Introduction | Exploring Medieval Village Territories | The Evolution of Post-medieval Village Territories | The Creation of Village Territories | The Development of Medieval Village Territories | Late Medieval Village Territories | Conclusions
The greatest changes to the villagescape, however, lay in the fields. By 1500, enclosure had begun in small parts of each territory. But in general each farming landscape remained dominated by extensive open fields. A forest map of c. 1608 shows the parishes of Silverstone, Whittlebury and Passenham, where less than 5 per cent of land had been enclosed by the start of the 17th century (NR0 Map 4210). No greater disparity could be found between these open territories and neighbouring Lillingstone Dayrell, where an estate map of 1611 depicts a fully enclosed landscape (BRO D22/9/1).
Private enclosure continued elsewhere but at different rates. Stowe was enclosed by the mid-17th century. By 1717, approximately 40 per cent of Wicken had been enclosed, the rest by agreement after 1757 (NRO Map 5692). In Potterspury the greater majority of the parish was enclosed by 1728 (NRO Map 358), and in Akeley around 20 per cent of land was described as 'old enclosure' in 1794 (NRO Map 842). The process of enclosure was both broadened in scope and accelerated in pace after 1772, when, over a couple of generations, first Deanshanger, then Potterspury (1776), Akeley (1794), Whittlebury (1797) and Silverstone (1824) were enclosed following Parliamentary acts (NRO Map 4213; NRO Map 842; NRO Map 6100; NRO ML2162). Enclosure also brought new opportunities for settlement; farms were quick to move from the village cores out into the recently created fields (Figure 7). By 1611, individual farmsteads were dotted around the new fieldscape of Lillingstone Dayrell and the same process is also seen in Akeley after 1794. The more regular geometric layout of the hedged fields also forced revisions in the communication network, as tracks which ran through the former open fields were abandoned, and significant stretches of surviving road were straightened (Figure 8). The road from Buckingham to Old Stratford, cutting through the territories of Leckhampstead, Wicken and Passenham was turnpiked by act of Parliament in 1815. This was a further change, since the road took a different line to an older arterial road whose route had already been disrupted by the cutting of the Buckingham branch of the Grand Union Canal in 1800-1 (VCH Northants, 414).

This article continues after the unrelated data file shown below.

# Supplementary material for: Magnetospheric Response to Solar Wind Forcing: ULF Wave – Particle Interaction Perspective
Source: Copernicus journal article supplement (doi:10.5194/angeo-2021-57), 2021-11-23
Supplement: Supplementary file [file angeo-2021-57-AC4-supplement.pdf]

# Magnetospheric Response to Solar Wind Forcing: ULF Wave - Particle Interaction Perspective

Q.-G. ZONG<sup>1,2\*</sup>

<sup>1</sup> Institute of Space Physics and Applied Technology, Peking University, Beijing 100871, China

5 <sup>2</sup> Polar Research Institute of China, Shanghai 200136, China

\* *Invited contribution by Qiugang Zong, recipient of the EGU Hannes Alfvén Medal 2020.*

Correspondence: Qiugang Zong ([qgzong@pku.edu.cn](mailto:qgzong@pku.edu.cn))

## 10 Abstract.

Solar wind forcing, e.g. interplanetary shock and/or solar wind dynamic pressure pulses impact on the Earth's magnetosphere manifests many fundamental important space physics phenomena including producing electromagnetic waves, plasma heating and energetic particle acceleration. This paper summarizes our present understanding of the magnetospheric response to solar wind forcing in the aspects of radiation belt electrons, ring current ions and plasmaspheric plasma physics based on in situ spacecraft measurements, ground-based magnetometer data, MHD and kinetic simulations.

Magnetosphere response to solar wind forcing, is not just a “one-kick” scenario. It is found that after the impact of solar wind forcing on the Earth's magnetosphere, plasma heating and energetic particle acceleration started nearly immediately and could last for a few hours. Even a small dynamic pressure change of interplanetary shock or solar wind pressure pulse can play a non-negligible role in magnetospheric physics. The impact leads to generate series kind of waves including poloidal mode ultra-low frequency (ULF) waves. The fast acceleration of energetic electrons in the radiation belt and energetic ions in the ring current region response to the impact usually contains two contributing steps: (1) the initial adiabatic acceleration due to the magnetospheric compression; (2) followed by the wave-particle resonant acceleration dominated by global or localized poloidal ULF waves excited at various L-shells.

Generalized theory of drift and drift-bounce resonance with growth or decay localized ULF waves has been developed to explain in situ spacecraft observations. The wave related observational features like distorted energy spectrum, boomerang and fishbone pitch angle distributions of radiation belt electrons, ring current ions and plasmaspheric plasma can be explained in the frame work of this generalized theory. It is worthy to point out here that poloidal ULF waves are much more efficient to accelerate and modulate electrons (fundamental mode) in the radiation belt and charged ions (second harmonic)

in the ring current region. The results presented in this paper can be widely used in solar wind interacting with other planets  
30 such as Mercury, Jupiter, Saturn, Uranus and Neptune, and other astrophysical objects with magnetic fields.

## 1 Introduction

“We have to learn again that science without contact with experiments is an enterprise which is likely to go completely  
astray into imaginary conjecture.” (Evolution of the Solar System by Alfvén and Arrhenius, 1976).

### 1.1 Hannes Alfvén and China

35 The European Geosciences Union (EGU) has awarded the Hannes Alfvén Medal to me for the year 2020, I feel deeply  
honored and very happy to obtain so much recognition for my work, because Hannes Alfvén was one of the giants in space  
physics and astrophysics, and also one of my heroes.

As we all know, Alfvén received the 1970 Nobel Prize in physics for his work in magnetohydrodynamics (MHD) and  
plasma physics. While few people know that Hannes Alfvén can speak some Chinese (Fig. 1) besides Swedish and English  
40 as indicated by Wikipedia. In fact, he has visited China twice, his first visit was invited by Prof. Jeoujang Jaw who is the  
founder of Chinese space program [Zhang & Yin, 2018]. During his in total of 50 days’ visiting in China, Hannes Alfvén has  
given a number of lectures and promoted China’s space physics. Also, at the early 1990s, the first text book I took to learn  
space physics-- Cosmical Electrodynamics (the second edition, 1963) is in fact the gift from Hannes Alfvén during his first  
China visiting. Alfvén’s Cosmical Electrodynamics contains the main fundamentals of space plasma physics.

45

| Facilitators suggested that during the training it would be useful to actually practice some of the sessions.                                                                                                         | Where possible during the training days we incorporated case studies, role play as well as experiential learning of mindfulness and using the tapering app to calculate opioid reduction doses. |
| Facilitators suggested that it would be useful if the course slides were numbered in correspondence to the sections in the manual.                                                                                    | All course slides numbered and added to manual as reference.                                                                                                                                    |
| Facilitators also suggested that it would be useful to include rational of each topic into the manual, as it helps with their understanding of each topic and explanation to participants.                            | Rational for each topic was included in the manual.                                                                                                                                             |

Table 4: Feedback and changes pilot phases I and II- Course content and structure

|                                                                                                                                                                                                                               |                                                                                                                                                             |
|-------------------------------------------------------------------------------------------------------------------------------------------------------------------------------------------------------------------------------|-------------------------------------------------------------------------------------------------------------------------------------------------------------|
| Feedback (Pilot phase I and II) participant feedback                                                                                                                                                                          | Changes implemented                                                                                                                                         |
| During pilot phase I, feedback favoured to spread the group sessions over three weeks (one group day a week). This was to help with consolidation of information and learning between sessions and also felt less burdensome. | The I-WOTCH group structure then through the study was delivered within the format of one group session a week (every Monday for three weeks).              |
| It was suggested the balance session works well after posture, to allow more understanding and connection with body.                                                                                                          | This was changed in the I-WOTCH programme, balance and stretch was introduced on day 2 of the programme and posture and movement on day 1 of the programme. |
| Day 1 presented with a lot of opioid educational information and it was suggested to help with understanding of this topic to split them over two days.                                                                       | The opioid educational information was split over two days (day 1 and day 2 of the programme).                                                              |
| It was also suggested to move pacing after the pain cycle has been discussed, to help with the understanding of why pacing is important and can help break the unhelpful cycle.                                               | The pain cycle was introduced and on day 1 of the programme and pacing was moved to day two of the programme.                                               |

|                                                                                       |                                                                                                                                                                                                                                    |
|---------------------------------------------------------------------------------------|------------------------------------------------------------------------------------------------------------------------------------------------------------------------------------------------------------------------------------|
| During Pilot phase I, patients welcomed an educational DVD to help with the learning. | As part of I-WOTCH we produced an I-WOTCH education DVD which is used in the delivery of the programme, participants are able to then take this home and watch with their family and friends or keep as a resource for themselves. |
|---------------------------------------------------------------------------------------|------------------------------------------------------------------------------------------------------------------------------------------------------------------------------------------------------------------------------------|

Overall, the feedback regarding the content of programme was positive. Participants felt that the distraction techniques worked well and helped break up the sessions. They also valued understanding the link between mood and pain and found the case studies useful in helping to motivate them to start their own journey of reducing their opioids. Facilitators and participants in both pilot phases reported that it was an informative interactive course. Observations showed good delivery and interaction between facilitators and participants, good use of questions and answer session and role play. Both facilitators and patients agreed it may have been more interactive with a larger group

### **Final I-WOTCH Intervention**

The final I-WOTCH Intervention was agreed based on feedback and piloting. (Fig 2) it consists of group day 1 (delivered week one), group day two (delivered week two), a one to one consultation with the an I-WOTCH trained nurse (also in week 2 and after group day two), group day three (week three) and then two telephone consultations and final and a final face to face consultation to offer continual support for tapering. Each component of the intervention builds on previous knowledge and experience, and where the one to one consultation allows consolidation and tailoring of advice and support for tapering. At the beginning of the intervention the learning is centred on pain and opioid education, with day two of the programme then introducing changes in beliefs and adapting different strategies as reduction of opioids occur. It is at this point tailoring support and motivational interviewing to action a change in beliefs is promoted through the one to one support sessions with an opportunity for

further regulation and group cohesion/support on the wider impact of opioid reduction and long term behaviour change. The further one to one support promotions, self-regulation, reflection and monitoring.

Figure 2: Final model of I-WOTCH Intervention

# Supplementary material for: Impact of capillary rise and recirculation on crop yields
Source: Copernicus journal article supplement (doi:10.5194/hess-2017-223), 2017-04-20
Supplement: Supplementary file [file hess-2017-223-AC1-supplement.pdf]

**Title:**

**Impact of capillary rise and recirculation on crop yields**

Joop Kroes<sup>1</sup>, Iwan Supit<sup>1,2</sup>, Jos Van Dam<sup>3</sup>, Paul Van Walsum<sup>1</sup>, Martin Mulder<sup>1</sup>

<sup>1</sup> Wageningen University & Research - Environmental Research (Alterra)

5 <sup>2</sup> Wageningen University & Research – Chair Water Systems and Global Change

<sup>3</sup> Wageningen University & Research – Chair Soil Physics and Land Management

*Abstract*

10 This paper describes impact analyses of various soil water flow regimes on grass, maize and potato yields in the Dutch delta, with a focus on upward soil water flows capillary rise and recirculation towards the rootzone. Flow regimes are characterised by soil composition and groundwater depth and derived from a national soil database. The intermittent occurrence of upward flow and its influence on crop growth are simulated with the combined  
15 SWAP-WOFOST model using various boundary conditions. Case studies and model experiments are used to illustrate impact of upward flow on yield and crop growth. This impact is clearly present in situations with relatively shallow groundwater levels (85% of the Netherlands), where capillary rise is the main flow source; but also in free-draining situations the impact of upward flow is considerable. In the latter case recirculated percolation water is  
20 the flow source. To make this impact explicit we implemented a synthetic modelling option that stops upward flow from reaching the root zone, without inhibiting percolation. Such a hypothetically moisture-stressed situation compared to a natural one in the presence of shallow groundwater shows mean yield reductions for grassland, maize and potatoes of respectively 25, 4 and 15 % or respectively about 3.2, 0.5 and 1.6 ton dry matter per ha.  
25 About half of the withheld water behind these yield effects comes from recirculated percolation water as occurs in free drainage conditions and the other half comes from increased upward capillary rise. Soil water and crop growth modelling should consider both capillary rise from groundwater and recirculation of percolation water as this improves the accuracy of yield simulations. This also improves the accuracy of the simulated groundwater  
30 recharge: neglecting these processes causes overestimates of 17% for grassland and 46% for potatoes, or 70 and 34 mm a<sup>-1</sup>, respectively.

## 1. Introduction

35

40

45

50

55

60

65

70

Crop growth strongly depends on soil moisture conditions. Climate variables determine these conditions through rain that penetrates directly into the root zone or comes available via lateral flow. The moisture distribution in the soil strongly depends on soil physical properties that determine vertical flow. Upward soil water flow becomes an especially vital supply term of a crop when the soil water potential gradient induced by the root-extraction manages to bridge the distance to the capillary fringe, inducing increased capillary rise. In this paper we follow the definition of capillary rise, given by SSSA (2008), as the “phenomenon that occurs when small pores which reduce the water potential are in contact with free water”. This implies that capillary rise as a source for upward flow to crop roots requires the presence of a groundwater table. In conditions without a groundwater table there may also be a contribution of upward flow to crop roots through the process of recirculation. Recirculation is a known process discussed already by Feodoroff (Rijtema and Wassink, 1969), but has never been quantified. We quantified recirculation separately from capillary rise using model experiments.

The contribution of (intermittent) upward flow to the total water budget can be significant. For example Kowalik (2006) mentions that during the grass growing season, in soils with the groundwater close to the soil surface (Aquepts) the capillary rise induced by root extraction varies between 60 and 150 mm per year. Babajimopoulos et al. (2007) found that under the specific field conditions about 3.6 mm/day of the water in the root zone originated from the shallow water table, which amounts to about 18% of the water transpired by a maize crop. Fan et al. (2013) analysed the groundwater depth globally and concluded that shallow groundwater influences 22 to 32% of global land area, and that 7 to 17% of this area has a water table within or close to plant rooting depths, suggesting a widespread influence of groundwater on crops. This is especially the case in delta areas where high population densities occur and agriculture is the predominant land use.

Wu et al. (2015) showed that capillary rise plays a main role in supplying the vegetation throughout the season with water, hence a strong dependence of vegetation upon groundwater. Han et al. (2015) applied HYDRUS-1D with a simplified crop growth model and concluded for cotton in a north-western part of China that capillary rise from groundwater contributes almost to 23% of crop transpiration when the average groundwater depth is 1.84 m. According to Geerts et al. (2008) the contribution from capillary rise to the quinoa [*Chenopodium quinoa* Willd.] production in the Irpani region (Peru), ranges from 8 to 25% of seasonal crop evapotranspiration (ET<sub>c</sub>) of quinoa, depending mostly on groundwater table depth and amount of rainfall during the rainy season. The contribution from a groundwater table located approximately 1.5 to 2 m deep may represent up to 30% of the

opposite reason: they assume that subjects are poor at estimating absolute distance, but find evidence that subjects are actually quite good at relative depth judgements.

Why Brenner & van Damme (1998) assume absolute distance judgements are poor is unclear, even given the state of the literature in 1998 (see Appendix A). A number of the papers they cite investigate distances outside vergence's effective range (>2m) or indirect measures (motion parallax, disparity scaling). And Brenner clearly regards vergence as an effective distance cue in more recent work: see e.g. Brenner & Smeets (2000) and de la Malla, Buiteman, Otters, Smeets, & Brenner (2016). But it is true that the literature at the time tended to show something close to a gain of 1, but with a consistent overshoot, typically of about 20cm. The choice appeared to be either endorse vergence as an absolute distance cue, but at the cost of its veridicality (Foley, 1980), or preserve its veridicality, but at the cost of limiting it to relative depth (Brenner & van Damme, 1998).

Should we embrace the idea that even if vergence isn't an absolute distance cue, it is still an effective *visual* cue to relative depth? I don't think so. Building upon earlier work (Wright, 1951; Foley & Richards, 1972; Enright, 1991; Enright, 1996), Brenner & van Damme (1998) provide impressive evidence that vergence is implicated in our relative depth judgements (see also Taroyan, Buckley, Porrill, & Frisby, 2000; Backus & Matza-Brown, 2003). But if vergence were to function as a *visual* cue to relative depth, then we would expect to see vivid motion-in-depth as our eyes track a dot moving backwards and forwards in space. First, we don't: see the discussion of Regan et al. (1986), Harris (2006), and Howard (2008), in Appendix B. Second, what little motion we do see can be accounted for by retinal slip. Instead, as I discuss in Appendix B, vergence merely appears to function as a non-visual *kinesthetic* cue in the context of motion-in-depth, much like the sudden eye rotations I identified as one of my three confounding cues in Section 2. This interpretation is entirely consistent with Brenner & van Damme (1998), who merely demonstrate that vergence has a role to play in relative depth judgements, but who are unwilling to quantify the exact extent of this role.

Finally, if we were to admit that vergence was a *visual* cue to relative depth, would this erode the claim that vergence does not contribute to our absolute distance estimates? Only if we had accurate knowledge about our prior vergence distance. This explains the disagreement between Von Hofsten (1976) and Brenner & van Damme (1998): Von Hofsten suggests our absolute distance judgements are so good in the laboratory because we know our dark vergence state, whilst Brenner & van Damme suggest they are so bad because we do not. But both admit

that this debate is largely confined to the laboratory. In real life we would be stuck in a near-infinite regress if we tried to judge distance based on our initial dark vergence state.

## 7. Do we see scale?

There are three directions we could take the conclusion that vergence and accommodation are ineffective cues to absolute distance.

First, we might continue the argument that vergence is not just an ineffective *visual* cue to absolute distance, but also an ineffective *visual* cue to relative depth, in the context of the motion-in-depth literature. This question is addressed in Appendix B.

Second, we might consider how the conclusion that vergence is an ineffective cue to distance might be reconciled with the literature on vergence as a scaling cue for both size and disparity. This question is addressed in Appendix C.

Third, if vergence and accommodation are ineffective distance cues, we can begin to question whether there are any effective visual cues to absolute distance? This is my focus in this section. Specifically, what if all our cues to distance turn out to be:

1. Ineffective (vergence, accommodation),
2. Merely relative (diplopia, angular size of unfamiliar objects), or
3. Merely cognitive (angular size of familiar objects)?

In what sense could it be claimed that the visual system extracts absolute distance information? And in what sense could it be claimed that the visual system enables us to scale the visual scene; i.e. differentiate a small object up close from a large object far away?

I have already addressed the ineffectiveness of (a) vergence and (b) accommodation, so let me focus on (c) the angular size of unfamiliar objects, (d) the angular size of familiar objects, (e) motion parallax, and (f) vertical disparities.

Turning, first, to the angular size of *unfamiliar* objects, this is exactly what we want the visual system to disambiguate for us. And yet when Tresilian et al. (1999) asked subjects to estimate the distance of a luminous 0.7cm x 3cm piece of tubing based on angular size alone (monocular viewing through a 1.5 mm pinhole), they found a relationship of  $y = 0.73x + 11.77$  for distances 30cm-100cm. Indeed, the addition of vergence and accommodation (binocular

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Last updated: Mon Sep 4 2006